A heartfelt thanks to the way that British journalism works.

One way of calculating bank bonuses.

And finally, setting the bar.

Drugs: come down off your high horse

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The government's drug tsar, Professor David Nutt, has caused a furore by commenting in a scientific journal that the club-drug Ecstasy is about as dangerous as riding a horse.

He's probably right. I've seen the lives of young girls ruined through an addiction to ponies. Their minds seem to turn to equine mush. And of course falls from horses can and do kill or paralyze people – as in the case of Superman actor Christopher Reeve.

But I'm not proposing that horse riding should be made a Class A activity. (I'm sorry I mentioned that idea: it can't be long before the government starts banning dangerous sports and withdrawing NHS care from those who ride motorbikes or go mountaineering.)

Professor Nutt might have been unwise to mention the comparison, but some rationality in the debate on drugs is devoutly to be wished. When I thought that my teenage son might be taking drugs at school, I asked a neighbour, a clinical psychologist, for advice. His view was that schools were rife with drugs, but that most of them were far less harmful than alcohol and cigarettes. It put things into perspective.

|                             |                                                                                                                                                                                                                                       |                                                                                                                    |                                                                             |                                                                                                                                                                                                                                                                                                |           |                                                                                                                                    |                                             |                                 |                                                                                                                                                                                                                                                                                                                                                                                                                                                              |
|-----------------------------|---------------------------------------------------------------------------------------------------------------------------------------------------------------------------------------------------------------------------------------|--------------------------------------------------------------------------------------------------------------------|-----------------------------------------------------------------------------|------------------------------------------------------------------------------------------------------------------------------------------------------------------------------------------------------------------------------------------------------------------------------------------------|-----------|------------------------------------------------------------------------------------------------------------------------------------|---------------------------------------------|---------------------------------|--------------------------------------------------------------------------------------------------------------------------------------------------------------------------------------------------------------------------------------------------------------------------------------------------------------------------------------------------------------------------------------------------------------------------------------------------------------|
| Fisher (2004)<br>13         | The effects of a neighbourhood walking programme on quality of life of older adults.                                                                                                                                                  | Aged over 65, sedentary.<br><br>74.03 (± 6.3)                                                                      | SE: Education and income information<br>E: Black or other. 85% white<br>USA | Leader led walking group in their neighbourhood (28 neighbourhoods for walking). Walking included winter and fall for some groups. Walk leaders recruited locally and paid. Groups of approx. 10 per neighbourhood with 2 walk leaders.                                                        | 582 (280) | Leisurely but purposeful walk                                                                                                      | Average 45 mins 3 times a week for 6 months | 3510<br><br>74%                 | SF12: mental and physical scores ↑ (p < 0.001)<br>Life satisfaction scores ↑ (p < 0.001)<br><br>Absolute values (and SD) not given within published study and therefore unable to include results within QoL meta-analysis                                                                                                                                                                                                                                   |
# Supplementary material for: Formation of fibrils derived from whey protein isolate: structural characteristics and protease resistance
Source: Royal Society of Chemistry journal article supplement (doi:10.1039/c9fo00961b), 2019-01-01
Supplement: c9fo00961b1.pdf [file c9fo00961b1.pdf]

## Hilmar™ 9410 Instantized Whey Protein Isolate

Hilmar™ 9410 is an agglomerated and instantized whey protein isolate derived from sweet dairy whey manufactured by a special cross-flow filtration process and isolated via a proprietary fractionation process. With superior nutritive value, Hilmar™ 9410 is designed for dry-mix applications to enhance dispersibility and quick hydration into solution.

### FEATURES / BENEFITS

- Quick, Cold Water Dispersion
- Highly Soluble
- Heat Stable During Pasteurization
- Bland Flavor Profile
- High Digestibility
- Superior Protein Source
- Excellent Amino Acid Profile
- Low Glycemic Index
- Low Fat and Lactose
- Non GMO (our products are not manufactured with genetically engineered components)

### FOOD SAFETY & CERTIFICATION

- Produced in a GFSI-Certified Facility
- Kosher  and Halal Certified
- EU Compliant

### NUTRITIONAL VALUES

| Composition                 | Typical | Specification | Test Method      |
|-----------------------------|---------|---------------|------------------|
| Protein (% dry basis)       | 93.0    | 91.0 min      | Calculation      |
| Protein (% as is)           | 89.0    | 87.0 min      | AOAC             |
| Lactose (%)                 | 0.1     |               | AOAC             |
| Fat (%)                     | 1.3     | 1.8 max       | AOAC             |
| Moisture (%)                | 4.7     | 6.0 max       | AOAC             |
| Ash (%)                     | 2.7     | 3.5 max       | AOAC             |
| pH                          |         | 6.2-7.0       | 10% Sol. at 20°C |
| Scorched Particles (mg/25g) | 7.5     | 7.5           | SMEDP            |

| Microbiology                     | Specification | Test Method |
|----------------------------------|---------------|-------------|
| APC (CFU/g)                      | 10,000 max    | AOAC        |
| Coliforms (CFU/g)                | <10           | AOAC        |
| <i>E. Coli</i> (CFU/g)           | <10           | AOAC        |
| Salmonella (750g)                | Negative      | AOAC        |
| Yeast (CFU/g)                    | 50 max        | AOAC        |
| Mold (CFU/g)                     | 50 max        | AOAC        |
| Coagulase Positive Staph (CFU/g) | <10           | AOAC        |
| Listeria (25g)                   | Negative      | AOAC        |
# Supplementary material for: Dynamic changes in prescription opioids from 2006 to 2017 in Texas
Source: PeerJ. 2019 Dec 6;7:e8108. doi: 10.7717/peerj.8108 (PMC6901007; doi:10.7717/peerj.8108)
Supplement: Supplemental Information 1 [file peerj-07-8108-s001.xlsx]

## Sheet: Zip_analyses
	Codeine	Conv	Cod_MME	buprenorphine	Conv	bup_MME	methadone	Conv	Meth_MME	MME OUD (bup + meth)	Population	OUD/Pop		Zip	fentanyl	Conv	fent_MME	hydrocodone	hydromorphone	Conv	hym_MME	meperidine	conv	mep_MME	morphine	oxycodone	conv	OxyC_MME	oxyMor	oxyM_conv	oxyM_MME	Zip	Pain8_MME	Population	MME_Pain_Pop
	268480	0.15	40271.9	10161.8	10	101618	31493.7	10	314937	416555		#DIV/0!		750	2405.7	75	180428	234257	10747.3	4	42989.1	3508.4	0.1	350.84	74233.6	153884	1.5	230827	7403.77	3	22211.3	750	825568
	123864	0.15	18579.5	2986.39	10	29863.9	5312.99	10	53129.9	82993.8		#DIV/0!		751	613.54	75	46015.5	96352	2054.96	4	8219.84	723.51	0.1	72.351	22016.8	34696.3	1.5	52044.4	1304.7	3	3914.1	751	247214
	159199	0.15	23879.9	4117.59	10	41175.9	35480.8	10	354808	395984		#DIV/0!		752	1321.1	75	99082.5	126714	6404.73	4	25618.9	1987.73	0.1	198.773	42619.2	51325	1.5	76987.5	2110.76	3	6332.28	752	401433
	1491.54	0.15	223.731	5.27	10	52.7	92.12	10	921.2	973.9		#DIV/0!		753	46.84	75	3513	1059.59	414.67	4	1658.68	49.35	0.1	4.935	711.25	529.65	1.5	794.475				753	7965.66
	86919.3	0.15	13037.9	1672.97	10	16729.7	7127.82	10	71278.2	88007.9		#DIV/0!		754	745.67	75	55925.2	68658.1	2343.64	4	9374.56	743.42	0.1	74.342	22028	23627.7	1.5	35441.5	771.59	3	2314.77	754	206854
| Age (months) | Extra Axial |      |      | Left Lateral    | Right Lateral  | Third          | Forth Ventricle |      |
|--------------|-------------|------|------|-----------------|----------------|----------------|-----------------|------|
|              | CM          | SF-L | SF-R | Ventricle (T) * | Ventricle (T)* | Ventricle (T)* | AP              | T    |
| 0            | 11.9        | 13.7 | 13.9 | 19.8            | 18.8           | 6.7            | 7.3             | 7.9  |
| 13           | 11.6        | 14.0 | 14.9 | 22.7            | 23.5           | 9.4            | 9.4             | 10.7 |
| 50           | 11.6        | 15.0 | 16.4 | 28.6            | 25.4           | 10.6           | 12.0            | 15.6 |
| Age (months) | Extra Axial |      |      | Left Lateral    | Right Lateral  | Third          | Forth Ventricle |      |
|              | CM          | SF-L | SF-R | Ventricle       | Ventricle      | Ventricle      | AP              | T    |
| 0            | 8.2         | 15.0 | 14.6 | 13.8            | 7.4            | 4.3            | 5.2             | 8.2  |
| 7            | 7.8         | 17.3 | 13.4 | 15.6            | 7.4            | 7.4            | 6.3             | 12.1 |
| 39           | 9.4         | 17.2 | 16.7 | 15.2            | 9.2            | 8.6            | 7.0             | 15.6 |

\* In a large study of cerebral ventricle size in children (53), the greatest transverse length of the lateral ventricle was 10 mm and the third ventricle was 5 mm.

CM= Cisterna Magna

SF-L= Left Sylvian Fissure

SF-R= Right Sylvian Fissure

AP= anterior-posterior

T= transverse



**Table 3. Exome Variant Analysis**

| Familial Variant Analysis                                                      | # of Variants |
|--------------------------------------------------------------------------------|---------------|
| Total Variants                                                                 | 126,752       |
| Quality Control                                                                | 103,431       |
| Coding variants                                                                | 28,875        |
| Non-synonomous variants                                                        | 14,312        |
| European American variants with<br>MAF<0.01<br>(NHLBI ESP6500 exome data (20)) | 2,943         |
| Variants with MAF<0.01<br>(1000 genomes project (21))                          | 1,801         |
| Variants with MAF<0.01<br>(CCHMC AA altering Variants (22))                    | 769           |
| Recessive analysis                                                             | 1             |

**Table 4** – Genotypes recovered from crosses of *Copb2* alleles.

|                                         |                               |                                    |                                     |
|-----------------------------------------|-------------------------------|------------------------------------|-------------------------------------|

It's only when we can actually discuss the real risks of drugs that we will be able to advise young people on how to handle them. But the government seems to be more concerned by the outrage of the Daily Mail than the facts. It spreads the misconception that all drugs are as bad as heroin or crack – driving the others underground and making them more difficult to control. As a policy, it's failed.

True, many modern drugs haven't been in common use very long, so it's difficult to know their full medical and psychological effects. Even with drugs that have been around for years, like cannabis, we are still learning the full physical, psychological and social consequences. So maybe we are right to be cautious about them. But let's be honest: because then, at least, we can steer people away from the most damaging drugs by giving them a genuine profile of the risks.